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I think that no more telling tribute could be paid to the devotion of most county officials to the care, close to the home, of the mentally ill than a recent statement by a Minnesota county commissioner.

This commissioner said: “Our board would sooner reduce its county highway program than to cancel out our participation in our regional mental health center."

This, I think, Mr. Chairman, is the spirit of all U.S. county officials. They see this as a workable program of high priority for their constituents.

We not only ask you for its renewal; frankly, I would like to be humble enough at this point to say that we beg you to extend this program because county government to bring this kind of treatment into the neighborhood, to bring this kind of treatment into the home, does not have the financial resources to do it alone and they will never have them to do it alone.

We have to have the strong arm, the strong resources, of the Federal Government into the partnership that we are calling not only the Federal Government but the State, and in these 12 years that I talked to you about this in my own county when the mentally ill patient went to the State hospital in most cases he saw an imaginary sign on the gate that read “Abandon All Hope, All Ye That Enter”—but in his home, in his neighborhood, in his community, there is the hope, there is the friendship of his neighbors, there is the possibility of the total community involvement, there is the possibility of better professional involvement who shy away from the snakepits at the present time and who are waiting for decent community neighborhood facilities.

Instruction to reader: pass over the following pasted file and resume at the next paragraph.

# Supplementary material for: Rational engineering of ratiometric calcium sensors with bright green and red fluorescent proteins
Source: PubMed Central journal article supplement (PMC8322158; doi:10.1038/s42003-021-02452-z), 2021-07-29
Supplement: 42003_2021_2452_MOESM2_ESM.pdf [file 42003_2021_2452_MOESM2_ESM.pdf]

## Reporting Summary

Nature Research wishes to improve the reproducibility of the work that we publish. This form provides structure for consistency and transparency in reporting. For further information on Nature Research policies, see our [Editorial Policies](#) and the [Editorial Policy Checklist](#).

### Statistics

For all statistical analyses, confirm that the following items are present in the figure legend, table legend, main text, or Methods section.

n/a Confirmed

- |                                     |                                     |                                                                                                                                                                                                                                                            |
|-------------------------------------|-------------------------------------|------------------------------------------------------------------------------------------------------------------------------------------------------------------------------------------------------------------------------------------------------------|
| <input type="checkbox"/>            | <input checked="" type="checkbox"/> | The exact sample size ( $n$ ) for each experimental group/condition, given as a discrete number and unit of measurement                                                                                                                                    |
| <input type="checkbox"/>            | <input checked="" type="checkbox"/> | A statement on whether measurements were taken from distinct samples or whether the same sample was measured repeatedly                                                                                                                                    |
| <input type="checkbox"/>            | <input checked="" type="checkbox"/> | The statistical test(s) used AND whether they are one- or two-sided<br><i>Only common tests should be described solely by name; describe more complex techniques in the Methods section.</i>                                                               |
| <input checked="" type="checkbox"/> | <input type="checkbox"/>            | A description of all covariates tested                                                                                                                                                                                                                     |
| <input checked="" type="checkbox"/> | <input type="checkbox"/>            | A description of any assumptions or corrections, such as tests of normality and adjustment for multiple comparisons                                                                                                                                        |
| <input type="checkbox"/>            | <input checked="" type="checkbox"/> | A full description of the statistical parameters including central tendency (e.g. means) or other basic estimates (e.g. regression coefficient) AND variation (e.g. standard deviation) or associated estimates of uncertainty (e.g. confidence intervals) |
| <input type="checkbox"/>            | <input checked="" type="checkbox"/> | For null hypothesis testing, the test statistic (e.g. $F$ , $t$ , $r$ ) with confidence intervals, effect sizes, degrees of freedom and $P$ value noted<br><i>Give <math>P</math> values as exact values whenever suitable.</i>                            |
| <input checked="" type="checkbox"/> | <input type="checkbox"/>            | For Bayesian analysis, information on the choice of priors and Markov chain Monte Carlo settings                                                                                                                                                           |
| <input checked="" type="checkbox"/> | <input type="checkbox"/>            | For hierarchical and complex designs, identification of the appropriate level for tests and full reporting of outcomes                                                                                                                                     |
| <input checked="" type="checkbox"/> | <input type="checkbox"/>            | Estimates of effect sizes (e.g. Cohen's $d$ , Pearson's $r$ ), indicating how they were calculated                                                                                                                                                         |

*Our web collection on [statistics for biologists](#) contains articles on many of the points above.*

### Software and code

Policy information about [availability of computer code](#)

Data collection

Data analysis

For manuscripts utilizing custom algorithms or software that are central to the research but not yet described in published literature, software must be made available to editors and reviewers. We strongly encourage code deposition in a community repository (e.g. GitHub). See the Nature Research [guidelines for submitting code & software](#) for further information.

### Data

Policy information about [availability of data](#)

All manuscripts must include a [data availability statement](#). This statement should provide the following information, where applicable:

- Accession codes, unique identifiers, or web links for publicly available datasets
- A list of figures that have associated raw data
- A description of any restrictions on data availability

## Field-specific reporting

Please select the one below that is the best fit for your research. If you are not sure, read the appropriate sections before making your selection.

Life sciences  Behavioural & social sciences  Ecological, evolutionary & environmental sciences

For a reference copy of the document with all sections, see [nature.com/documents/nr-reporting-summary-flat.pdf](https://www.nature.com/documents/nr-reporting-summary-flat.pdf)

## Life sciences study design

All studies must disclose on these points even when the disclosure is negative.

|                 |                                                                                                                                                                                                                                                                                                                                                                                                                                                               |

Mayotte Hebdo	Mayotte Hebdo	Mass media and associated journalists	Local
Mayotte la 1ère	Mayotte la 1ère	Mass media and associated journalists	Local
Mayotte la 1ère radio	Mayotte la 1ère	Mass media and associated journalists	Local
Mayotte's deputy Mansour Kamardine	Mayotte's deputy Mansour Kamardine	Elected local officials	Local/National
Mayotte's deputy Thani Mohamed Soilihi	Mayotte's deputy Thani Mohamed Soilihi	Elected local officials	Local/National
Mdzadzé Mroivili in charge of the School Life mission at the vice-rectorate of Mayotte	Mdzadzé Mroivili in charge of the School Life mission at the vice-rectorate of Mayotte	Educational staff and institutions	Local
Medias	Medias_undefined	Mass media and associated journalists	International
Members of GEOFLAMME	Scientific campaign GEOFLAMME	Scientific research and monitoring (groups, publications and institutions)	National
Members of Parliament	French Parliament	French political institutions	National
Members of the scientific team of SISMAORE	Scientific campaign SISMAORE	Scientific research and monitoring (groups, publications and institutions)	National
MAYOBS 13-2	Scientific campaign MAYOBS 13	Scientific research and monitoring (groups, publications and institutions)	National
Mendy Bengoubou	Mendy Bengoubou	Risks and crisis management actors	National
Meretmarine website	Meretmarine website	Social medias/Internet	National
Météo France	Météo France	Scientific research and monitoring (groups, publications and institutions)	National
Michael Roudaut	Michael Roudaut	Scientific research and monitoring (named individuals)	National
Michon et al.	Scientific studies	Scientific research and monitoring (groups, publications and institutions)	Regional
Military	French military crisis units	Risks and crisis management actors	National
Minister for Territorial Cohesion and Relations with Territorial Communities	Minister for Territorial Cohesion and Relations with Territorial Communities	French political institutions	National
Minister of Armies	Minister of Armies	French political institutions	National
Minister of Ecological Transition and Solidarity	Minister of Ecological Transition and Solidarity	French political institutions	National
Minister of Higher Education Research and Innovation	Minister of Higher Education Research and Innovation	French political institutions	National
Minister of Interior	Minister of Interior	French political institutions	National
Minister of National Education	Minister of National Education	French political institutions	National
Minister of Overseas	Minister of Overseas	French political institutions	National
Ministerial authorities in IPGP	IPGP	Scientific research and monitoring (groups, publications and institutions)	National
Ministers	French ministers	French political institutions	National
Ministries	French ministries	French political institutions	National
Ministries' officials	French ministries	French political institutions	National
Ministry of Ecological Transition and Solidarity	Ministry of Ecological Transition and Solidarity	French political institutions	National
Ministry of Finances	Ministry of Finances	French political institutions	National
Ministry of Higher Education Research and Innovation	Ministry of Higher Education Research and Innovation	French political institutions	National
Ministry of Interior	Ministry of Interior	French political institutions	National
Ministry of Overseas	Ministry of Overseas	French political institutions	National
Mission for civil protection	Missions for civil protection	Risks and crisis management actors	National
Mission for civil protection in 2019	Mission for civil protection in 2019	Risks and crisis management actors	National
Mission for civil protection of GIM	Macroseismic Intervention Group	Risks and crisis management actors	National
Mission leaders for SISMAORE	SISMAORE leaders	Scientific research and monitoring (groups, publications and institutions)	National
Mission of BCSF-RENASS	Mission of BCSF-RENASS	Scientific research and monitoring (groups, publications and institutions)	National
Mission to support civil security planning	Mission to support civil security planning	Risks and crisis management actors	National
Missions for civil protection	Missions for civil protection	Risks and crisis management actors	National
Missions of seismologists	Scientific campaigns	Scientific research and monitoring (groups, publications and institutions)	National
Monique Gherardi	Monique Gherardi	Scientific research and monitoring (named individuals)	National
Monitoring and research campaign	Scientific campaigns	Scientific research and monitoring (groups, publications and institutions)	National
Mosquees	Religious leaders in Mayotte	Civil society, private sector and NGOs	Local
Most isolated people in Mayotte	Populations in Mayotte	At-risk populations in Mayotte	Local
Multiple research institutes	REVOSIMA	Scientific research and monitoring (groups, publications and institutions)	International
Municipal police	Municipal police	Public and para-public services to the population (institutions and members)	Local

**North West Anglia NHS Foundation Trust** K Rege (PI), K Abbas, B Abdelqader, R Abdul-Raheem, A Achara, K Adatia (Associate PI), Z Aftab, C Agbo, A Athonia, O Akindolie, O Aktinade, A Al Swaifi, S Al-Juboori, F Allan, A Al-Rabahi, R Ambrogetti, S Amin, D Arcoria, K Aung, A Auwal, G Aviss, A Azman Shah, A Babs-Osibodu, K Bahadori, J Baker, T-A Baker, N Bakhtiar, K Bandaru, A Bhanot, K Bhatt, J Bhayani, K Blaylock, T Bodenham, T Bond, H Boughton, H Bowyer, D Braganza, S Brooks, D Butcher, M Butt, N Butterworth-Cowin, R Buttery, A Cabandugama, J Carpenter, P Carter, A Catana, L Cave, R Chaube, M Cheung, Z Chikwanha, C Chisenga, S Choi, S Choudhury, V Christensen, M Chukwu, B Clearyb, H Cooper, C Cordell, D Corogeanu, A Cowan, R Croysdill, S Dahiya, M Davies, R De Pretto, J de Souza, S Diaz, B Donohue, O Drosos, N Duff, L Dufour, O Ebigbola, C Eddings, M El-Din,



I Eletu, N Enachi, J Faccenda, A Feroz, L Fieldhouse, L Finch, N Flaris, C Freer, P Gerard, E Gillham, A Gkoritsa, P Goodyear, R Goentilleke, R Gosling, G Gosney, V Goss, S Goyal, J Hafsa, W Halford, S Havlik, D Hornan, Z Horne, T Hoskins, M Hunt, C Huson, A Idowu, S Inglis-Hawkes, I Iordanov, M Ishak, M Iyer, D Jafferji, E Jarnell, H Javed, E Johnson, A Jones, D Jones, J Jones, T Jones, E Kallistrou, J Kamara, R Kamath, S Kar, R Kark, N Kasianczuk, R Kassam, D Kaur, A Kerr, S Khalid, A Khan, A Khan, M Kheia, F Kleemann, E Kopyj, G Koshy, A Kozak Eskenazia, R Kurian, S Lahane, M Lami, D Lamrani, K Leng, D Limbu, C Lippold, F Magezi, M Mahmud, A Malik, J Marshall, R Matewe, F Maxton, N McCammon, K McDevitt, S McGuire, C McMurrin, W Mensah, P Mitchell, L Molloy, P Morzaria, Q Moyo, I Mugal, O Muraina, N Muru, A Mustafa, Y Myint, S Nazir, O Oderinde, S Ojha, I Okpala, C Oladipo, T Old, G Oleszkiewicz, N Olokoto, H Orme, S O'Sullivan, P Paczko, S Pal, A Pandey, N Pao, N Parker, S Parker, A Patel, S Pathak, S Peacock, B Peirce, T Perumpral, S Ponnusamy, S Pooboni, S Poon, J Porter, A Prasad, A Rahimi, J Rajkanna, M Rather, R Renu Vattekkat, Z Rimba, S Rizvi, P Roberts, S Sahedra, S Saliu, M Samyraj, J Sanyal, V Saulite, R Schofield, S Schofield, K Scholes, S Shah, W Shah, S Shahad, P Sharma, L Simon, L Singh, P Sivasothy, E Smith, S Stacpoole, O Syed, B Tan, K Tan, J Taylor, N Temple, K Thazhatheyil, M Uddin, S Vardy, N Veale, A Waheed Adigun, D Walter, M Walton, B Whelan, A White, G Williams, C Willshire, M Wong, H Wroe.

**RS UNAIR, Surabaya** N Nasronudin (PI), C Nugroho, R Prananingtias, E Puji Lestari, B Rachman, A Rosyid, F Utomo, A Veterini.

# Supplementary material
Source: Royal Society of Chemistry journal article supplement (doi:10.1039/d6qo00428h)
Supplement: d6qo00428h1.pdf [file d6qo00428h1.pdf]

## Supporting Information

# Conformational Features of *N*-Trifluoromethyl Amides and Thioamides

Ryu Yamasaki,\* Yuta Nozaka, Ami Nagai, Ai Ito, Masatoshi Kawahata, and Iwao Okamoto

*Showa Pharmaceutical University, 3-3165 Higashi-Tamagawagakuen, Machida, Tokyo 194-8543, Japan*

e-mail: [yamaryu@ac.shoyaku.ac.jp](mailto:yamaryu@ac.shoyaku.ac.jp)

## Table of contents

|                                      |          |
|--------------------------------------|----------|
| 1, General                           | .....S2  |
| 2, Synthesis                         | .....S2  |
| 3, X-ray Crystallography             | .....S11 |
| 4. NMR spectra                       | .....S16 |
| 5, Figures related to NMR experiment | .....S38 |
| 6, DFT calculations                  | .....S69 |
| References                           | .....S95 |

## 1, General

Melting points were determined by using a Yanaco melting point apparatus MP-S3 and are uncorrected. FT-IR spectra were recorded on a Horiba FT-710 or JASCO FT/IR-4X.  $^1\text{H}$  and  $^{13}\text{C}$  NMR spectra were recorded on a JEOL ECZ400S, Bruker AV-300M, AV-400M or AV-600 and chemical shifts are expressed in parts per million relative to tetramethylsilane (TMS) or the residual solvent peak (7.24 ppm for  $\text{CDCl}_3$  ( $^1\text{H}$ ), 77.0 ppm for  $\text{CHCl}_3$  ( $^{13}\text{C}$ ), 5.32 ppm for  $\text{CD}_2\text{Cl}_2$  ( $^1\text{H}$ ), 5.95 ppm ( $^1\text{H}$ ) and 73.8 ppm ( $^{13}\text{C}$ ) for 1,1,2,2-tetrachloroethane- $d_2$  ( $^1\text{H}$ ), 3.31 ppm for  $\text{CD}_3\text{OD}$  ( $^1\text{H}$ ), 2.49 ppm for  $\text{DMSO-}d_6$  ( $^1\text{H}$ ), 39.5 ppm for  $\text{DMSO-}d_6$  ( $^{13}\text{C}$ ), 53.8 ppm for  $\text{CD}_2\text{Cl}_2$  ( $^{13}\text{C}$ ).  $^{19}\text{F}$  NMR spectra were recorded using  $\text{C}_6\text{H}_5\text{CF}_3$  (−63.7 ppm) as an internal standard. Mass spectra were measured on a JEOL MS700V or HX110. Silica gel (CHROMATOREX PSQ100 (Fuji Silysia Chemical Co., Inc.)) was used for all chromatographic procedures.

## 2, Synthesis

Congress, and particularly this committee, can open this door wider for the American people to get their treatment on a neighborhood level and almost on a home level with the kind of program that is envisioned here.

Gentlemen, I want to thank you for giving me this opportunity to testify.

Mr. JARMAN. We appreciate your being with us and the contribution you have made to this hearing.

Are there any questions?
Mr. Rogers?
Mr. ROGERS. Thank you, Mr. Chairman.

I would like to thank you for your testimony and for being here, and also for the initiative your area has taken. What is your problem with staffing? Do you have any staffing problem?

Mr. OTLOWSKI. Well, let me give you an example in our own county. With our clinics we haven't had a problem of staffing, and I like to believe it is because of the fact that we pay well.

I like to believe that our quarters are pleasant and I also like to believe that our professional people have a feeling of accomplishment, and for that reason, of course, we don't have the problem of staffing, but in addition to that we have done something else that was indicated by my predecessors who testified and that is the fact that we are now beginning to engage in the community nonprofessional people.